A pair of pointers 64 and 66 position adjustable by control knobs 68 and 70, are mechanically mounted on the clock, superimposed on dial 60, adjacent the scale. Pointer 64 sets the thrust cutback time and pointer 66 sets the restoration time. Electromechanical switches (not shown) coact with the timer of clock 12 and with the set positions of pointers 64 and 66 to issue a discrete signal over output line 56 when hand 62 lies between the set positions of the pointers. The mechanism for positioning the pointers may be constructed so that they can be set in a mutually superimposed relation (without permitting them to cross over each other and reverse their sequence). When so superimposed, no signal is issued to the flight director system. This serves to disable the noise abatement operation, when unwanted.
A mode indicator light 72 is disposed on the clock face. It may be provided with control circuitry for operating the light to flash on and off, as an alert, at a predetermined number of seconds (e.g., 2-5 seconds) before the thrust cutback time; to glow steadily during the noise abatement interval; to again commence flashing a predetermined number of seconds before thrust restoration time; and finally to turn off at the restoration time and remain off for the duration of the cycle.
In the flight profile of FIG. 3, the longitudinal speed command mode occurs between t0 and the cutback time t1. At time t1, which is selected to approximately coincide with the time that the aircraft flies over the closest boundary of the community, the flight director system 11 (FIG. 1) is switched to a vertical speed command mode characterized by a relatively small, steady vertical velocity of the aircraft at a reduced thrust. This mode is represented here by the relatively straight, upwardly sloping profile between t1 and t2. The restoration time (t2) is selected to coincide with the timing of the flight over the remote boundary of the community, and at this time clock 12 switches the flight director system 11 back to the normal, longitudinal speed command mode for completion of the takeoff climb at increased thrust.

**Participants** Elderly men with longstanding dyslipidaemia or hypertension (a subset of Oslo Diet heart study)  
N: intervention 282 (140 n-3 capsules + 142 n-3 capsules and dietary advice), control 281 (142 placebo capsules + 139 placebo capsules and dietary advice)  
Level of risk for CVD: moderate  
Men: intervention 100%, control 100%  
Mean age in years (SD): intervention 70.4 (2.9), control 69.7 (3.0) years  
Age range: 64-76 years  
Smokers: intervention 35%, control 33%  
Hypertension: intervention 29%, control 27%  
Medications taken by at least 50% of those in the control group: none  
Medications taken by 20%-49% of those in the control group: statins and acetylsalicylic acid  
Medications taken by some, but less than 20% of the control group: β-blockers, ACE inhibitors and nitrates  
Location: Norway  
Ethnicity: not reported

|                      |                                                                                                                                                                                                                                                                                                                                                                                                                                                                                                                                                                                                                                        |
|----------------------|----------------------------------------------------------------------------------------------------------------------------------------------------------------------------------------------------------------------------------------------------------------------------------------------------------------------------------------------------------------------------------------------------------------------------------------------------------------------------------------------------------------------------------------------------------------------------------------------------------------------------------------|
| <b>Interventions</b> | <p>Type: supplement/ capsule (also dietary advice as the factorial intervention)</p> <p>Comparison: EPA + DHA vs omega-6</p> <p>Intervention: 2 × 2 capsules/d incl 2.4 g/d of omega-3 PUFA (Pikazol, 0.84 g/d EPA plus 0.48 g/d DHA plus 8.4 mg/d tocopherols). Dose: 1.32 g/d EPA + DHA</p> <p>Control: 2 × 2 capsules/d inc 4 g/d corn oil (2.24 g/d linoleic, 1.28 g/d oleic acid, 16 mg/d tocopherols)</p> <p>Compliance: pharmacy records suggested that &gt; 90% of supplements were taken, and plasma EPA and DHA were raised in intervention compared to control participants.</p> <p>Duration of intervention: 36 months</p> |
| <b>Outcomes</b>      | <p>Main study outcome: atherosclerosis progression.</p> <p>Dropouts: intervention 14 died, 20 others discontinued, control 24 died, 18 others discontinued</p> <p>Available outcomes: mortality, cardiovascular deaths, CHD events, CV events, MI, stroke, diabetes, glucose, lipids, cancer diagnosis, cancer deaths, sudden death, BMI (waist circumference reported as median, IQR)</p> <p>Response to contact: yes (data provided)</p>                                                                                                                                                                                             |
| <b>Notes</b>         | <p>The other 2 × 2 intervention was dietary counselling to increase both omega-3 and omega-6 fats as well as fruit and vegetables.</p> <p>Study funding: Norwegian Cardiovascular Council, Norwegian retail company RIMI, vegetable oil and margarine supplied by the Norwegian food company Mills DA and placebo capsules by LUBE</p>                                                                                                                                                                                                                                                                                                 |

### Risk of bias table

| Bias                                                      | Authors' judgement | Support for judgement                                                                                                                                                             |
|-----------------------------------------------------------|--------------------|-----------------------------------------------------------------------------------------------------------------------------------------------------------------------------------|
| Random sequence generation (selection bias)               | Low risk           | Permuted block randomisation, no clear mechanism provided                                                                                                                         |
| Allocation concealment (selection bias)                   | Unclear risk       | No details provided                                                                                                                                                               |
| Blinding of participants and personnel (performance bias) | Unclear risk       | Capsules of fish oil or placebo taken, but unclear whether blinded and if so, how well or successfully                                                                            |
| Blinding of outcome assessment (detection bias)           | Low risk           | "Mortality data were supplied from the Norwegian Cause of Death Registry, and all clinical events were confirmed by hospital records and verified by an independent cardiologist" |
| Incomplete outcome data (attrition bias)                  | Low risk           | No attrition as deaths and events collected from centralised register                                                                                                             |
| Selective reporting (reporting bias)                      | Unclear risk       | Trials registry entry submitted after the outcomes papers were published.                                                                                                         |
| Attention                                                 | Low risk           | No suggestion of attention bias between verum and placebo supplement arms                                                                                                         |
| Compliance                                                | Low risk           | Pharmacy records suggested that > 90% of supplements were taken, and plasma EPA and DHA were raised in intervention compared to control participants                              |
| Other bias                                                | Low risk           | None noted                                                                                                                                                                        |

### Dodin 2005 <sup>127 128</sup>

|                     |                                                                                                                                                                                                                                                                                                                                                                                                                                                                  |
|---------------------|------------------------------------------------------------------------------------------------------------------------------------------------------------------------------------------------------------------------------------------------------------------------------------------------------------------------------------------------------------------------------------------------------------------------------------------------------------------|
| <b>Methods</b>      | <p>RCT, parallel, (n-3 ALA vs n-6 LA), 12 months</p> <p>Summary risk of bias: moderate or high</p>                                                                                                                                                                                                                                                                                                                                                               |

With reference to FIG. 4, speed command computer 18 is of the type in which longitudinal speed is referenced to angle of attack. It includes a longitudinal speed command circuit that compares signals representing an actual angle of attack and a predetermined reference angle of attack and develops a signal that is used to command a predetermined longitudinal speed. The reference angle is varied in accordance with the extent of wing flap deployment, and for this purpose a function generator 82 develops a programmed, reference signal at output 84 as a function of the flap position information received from input means 26. At a junction 86 the reference angle signal is subtractively combined with a sensed angle of attack from input means 22 to develop an angle of attack error signal that subsequently becomes a signal representative of the difference between the actual longitudinal aircraft speed and a reference or desired speed. Before this speed error signal appears at the output of computer 18 it is filtered, varied in gain and dampened by circuitry including noise filter 90, gain stage 92, filter 94, gain stage 96, limiter 98 and signal combining junctions 100, 102 and 103. As will be recognized by those skilled in the art, the foregoing circuitry is representative of an angle of attack referenced speed command computer used in conjunction with flight director systems.
Briefly, filter 90 is a lag compensator for filtering out certain noise signals in the angle of attack error signal. The circuitry including gain stage 96, limiter 98 and junction 103 serves to dampen the error signal at junction 100 in accordance with the rate and direction of change of longitudinal acceleration and pitch attitude. Similarly, filter 94 in response to a signal representing elevator position, applies a damping factor to the angle of attack error signal at junction 102, where the transfer function of filter 94 is selected to convert the elevator position signal in to a signal that approximates the rate of change of the angle of attack. The result is a speed command signal that varies to achieve short period damping of the aircraft.
Angle of attack (input means 22) may be sensed by any of a variety of well known transducers such as an airflow direction sensor of the type mounted on the fuselage, or a wing-mounted "lift" transducer. Longitudinal acceleration may be sensed by an accelerometer, such as a pendulum type acceleration sensor, compensated for actual pitch by means such as a vertical gyroscope.